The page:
Also, adjust the flop calculation to take out the two suited cards in villain's hand:
C(9,3) / C(48,3) = 84 / 17,296 = 0.49% (roughly 1 in 206)
So, the odds of two players having suited cards in the same suit, and flopping a flush, would be:
(312 / 1,326) * (55 / 1,225) * (84 / 17,296) = 0.005% (roughly 1 in 19,491)
However, once you flopped a flush, what are the odds your opponent with a random hand also flopped a flush? This is a little easier. There are 8 cards of our suit remaining after we flop our flush. To get two hole cards dealt of our suit, we calculate:
(8/47) * (7/46) = 0.0259 = 2.59% = 1 in 39
Straight over straight:
First off, there are only 8 ways to make a “bookend” straight vs. straight (ignoring suits for the moment):
Low Hand / Flop / High Hand
A2 / 3-4-5 / 67
23 / 4-5-6 / 78
89 / T-J-Q / KA
Let’s start by finding the odds of being dealt the low side of one of these straights—“low bookend connectors”. Now, the ranks 2-8 each work in two starting hand combos, while the Ace and 9 only work in one combo each. There are 9 ranks for the first card, with four suits for each rank, giving us 9*4 = 36/52 odds of being dealt a qualifying first card. Then, for each qualifying first card 2-7, there are 8 corresponding second cards that will give us connectors able to make a low bookend straight, while for the Ace and 9 there are 4 corresponding second cards that will give us connectors able to make a low bookend straight. Thus, the odds of getting a connecting card for the second card is 7/9(8/51) + 2/9(4/51) = [(7*8) + (2*4)] / (9 * 51) = 64/459. This gives us odds for getting low bookend connectors of (36/52 * 64/459) = 0.0965 = 9.65% = ~1 in 10.4.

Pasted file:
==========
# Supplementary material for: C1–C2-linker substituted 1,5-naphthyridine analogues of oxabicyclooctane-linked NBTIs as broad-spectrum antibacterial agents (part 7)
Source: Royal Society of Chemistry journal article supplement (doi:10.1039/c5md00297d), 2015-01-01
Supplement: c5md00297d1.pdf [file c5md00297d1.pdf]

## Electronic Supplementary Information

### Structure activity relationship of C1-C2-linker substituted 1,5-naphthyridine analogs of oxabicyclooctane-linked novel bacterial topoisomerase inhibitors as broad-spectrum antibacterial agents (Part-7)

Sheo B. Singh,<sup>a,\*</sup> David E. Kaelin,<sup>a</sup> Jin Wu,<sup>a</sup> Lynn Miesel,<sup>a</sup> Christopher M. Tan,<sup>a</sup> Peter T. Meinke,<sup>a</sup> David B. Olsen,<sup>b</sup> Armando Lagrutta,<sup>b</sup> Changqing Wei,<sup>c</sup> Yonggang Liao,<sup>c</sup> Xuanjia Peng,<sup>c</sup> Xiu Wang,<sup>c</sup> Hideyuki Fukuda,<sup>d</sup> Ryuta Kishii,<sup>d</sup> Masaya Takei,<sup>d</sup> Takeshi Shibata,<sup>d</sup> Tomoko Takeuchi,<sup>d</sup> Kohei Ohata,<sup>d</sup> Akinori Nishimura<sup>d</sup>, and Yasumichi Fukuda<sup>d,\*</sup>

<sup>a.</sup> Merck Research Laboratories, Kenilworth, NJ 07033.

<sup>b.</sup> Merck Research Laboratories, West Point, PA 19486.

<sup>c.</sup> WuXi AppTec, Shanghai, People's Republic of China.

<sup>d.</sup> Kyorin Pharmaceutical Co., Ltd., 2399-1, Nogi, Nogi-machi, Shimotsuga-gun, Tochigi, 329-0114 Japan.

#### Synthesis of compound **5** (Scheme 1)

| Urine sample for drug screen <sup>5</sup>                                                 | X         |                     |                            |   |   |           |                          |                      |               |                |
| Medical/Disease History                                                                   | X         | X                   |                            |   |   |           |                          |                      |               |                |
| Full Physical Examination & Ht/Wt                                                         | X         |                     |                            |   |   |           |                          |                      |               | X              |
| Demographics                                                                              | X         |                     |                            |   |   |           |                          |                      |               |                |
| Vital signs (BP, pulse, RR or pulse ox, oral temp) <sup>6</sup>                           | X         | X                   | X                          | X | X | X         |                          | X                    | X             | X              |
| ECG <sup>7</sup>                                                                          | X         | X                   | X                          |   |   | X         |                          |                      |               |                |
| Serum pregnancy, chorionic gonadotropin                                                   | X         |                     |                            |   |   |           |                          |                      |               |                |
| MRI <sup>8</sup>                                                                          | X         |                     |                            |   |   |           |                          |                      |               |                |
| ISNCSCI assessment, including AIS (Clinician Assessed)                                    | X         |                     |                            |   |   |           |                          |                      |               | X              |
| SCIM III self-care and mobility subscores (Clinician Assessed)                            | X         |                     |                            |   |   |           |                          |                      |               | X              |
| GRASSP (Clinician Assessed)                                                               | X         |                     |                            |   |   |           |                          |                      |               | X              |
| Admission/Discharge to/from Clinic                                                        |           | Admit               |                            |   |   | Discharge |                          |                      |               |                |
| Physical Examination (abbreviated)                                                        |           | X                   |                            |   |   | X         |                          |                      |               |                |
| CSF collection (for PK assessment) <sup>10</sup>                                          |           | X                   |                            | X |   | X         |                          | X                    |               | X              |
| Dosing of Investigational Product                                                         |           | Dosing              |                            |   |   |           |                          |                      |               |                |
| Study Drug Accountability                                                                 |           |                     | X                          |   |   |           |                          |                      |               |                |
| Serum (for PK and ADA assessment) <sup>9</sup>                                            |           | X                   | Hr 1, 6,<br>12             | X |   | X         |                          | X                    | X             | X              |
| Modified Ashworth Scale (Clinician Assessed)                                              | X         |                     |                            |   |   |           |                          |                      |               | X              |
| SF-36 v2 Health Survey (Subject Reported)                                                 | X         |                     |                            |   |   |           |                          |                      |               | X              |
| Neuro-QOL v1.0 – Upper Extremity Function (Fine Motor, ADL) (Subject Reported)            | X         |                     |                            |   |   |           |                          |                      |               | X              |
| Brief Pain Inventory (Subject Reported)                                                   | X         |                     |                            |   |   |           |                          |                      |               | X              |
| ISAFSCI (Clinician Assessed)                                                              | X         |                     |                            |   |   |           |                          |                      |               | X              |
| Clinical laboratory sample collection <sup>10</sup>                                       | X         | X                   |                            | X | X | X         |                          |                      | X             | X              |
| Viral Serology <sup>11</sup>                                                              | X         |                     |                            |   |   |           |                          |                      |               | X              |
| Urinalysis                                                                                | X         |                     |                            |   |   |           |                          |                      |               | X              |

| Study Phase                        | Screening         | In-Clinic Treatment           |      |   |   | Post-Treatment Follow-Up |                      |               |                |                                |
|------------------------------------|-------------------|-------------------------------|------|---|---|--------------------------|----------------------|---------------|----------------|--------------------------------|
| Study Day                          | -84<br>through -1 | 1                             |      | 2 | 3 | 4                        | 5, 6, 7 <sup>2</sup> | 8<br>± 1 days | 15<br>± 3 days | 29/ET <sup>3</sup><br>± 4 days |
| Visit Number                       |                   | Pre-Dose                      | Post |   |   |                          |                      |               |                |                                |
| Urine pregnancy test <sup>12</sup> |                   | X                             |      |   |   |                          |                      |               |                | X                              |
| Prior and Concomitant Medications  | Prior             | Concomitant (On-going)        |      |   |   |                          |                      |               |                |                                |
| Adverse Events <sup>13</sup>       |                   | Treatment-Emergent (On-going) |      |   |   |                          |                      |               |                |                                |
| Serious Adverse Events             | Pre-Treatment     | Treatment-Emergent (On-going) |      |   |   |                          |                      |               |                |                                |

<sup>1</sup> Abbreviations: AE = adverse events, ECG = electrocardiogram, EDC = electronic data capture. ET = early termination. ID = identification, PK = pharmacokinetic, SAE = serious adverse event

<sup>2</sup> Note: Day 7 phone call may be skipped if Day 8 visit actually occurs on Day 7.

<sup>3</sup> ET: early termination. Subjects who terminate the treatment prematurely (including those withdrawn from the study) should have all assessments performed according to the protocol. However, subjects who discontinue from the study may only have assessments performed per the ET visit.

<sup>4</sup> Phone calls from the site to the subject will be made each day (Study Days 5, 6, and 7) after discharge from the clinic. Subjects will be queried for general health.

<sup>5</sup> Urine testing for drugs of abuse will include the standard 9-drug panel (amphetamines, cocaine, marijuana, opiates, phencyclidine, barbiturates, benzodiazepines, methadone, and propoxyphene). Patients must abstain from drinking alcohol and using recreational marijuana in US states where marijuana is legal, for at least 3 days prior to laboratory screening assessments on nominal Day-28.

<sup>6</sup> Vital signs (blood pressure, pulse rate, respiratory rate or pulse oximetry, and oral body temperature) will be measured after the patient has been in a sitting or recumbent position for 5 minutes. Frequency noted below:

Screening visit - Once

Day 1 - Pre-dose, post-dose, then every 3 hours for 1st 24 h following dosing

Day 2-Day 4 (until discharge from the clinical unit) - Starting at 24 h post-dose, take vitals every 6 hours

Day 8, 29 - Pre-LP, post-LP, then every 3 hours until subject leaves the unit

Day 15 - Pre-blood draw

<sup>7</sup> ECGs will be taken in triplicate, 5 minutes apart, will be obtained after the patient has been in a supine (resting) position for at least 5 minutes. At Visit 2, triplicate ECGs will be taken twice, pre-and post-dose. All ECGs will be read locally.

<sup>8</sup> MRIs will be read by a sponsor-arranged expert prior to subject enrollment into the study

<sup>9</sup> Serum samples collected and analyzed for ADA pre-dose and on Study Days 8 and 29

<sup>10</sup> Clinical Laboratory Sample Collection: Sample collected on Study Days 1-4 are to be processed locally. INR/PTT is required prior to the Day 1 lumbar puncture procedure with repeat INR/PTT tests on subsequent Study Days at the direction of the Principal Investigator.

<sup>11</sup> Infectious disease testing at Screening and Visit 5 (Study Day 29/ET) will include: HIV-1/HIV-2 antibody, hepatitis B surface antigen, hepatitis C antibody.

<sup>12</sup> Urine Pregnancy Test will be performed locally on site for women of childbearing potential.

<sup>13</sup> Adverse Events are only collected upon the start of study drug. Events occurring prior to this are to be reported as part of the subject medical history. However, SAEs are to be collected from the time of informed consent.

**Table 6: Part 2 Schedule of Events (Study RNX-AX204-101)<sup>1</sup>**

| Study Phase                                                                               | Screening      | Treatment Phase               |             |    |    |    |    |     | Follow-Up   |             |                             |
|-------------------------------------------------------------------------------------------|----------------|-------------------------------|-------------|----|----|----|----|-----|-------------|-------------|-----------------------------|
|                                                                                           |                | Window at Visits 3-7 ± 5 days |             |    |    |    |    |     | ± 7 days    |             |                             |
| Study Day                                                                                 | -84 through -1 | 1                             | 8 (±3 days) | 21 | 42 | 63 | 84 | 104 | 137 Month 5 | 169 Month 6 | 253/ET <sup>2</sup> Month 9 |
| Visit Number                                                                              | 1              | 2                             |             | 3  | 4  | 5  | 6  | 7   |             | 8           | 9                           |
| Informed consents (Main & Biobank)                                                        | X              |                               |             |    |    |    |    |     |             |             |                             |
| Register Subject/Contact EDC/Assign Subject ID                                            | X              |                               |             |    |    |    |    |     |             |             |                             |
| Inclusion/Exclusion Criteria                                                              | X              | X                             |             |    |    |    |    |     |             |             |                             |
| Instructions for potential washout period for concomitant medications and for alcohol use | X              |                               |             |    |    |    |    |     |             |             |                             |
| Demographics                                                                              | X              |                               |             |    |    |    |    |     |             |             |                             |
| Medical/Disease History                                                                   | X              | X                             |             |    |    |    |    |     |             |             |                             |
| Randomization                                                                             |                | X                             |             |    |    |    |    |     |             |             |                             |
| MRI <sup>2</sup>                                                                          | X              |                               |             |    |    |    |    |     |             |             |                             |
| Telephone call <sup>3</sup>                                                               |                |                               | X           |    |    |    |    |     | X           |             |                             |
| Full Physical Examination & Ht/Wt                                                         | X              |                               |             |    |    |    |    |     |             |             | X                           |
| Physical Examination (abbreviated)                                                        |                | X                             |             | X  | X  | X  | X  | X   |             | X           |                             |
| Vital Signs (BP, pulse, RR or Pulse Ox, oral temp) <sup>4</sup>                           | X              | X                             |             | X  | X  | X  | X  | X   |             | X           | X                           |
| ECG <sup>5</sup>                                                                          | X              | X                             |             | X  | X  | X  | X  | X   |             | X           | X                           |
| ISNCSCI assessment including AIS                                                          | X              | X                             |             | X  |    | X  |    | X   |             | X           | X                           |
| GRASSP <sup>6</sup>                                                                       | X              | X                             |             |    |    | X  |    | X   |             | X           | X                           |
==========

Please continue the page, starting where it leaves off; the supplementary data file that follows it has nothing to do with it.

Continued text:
Next we need our opponent to get the corresponding high bookend connectors, which fortunately are exactly one hand (disregarding suits). So, for their first card, they can be dealt any of the eight available cards that will make the corresponding high bookend connectors (8/50), and the second card dealt to complete the high bookend set must be one of the four cards of the other rank (4/49). So, the odds of our opponent getting dealt the high bookend connectors that match our low end are (8/50 * 4/49) = 0.0131 = 1.31% = ~1 in 77.
Finally, we need the gin flop, with cards of exactly the three ranks needed to complete the straight for both sets of bookend connectors. Needing one card out four from each of three ranks on the flop, means there are 64 (4*4*4) flop combinations (order doesn’t matter) that can complete the bookend straight. There are C(48,3) total flops = 17,296, giving us odds for hitting a gin flop of 64/17,296 = 0.0037 = 0.37% = ~1 in 270 (note: you could also calculate the flop odds as (12/48)*(8/47)*(4/46) = 0.0037).
Thus, the final odds for flopping the idiot end of bookend connector straights: 0.0965 * 0.0131 * 0.0037 = 0.0000047 = 0.00047% = ~1 in 213,796.
But wait, there’s more! (actually, a LOT more). There are also straights where the two starting hands share a middle card and flop straight over straight. These straights occur in the following pattern:
Low Hand / Flop / High Hand
A2 / 3-4-5 / 26
A3 / 2-4-5 / 36
A4 / 2-3-5 / 46
A5 / 2-3-4 / 56
23 / 4-5-6 / 37